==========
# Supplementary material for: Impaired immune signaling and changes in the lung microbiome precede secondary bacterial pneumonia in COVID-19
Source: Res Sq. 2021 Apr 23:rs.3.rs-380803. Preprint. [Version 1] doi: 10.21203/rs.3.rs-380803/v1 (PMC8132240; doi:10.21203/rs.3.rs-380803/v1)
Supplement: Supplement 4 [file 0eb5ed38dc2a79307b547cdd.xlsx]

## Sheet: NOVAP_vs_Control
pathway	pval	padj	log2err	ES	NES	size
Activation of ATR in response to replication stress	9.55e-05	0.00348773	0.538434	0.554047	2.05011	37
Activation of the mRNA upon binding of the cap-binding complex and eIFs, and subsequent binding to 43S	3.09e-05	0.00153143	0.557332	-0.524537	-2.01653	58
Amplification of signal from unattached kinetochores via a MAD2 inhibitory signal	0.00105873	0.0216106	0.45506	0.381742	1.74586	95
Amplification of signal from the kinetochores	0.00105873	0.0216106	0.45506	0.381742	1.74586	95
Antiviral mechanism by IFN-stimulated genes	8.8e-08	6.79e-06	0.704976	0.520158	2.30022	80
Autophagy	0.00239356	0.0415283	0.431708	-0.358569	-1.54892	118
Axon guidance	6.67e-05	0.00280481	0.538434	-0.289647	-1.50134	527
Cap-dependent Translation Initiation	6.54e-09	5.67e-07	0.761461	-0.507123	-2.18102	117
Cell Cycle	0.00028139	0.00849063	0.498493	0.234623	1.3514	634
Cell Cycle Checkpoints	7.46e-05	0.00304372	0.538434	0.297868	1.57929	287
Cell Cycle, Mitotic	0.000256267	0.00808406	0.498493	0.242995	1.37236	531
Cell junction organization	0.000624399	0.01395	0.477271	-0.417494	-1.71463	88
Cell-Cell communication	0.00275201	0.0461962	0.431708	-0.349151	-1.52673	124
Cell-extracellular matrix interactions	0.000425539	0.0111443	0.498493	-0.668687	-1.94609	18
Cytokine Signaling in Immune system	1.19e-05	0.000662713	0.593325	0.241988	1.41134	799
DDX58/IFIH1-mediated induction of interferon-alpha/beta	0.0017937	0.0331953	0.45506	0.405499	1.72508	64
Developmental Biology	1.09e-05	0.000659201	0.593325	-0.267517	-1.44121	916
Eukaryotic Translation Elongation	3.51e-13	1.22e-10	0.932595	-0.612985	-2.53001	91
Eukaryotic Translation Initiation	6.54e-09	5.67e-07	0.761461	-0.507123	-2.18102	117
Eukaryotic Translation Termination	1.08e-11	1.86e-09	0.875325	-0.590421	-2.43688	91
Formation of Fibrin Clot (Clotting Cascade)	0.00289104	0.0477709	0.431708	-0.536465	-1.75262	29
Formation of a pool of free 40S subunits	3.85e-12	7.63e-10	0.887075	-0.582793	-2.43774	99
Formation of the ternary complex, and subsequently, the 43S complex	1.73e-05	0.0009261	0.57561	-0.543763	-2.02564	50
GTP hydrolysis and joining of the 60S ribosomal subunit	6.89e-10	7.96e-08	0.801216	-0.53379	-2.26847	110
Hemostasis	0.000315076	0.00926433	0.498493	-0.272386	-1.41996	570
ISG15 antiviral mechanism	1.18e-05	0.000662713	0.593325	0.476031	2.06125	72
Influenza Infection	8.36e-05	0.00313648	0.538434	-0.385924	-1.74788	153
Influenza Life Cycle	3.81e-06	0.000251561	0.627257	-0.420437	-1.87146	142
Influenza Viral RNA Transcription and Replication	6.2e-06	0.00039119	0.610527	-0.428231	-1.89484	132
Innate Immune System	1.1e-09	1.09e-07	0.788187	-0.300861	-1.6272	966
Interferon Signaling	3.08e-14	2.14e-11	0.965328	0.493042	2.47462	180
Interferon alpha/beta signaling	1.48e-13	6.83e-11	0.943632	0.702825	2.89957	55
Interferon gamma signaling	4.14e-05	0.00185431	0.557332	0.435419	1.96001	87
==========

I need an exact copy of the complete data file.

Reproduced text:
# Supplementary material for: Impaired immune signaling and changes in the lung microbiome precede secondary bacterial pneumonia in COVID-19
Source: Res Sq. 2021 Apr 23:rs.3.rs-380803. Preprint. [Version 1] doi: 10.21203/rs.3.rs-380803/v1 (PMC8132240; doi:10.21203/rs.3.rs-380803/v1)
Supplement: Supplement 4 [file 0eb5ed38dc2a79307b547cdd.xlsx]

## Sheet: NOVAP_vs_Control
pathway	pval	padj	log2err	ES	NES	size
Activation of ATR in response to replication stress	9.55e-05	0.00348773	0.538434	0.554047	2.05011	37
Activation of the mRNA upon binding of the cap-binding complex and eIFs, and subsequent binding to 43S	3.09e-05	0.00153143	0.557332	-0.524537	-2.01653	58
Amplification of signal from unattached kinetochores via a MAD2 inhibitory signal	0.00105873	0.0216106	0.45506	0.381742	1.74586	95
Amplification of signal from the kinetochores	0.00105873	0.0216106	0.45506	0.381742	1.74586	95
Antiviral mechanism by IFN-stimulated genes	8.8e-08	6.79e-06	0.704976	0.520158	2.30022	80
Autophagy	0.00239356	0.0415283	0.431708	-0.358569	-1.54892	118
Axon guidance	6.67e-05	0.00280481	0.538434	-0.289647	-1.50134	527
Cap-dependent Translation Initiation	6.54e-09	5.67e-07	0.761461	-0.507123	-2.18102	117
Cell Cycle	0.00028139	0.00849063	0.498493	0.234623	1.3514	634
Cell Cycle Checkpoints	7.46e-05	0.00304372	0.538434	0.297868	1.57929	287
Cell Cycle, Mitotic	0.000256267	0.00808406	0.498493	0.242995	1.37236	531
Cell junction organization	0.000624399	0.01395	0.477271	-0.417494	-1.71463	88
Cell-Cell communication	0.00275201	0.0461962	0.431708	-0.349151	-1.52673	124
Cell-extracellular matrix interactions	0.000425539	0.0111443	0.498493	-0.668687	-1.94609	18
Cytokine Signaling in Immune system	1.19e-05	0.000662713	0.593325	0.241988	1.41134	799
DDX58/IFIH1-mediated induction of interferon-alpha/beta	0.0017937	0.0331953	0.45506	0.405499	1.72508	64
Developmental Biology	1.09e-05	0.000659201	0.593325	-0.267517	-1.44121	916
Eukaryotic Translation Elongation	3.51e-13	1.22e-10	0.932595	-0.612985	-2.53001	91
Eukaryotic Translation Initiation	6.54e-09	5.67e-07	0.761461	-0.507123	-2.18102	117
Eukaryotic Translation Termination	1.08e-11	1.86e-09	0.875325	-0.590421	-2.43688	91
Formation of Fibrin Clot (Clotting Cascade)	0.00289104	0.0477709	0.431708	-0.536465	-1.75262	29
Formation of a pool of free 40S subunits	3.85e-12	7.63e-10	0.887075	-0.582793	-2.43774	99
Formation of the ternary complex, and subsequently, the 43S complex	1.73e-05	0.0009261	0.57561	-0.543763	-2.02564	50
GTP hydrolysis and joining of the 60S ribosomal subunit	6.89e-10	7.96e-08	0.801216	-0.53379	-2.26847	110
Hemostasis	0.000315076	0.00926433	0.498493	-0.272386	-1.41996	570
ISG15 antiviral mechanism	1.18e-05	0.000662713	0.593325	0.476031	2.06125	72
Influenza Infection	8.36e-05	0.00313648	0.538434	-0.385924	-1.74788	153
Influenza Life Cycle	3.81e-06	0.000251561	0.627257	-0.420437	-1.87146	142
Influenza Viral RNA Transcription and Replication	6.2e-06	0.00039119	0.610527	-0.428231	-1.89484	132
Innate Immune System	1.1e-09	1.09e-07	0.788187	-0.300861	-1.6272	966
Interferon Signaling	3.08e-14	2.14e-11	0.965328	0.493042	2.47462	180
Interferon alpha/beta signaling	1.48e-13	6.83e-11	0.943632	0.702825	2.89957	55
Interferon gamma signaling	4.14e-05	0.00185431	0.557332	0.435419	1.96001	87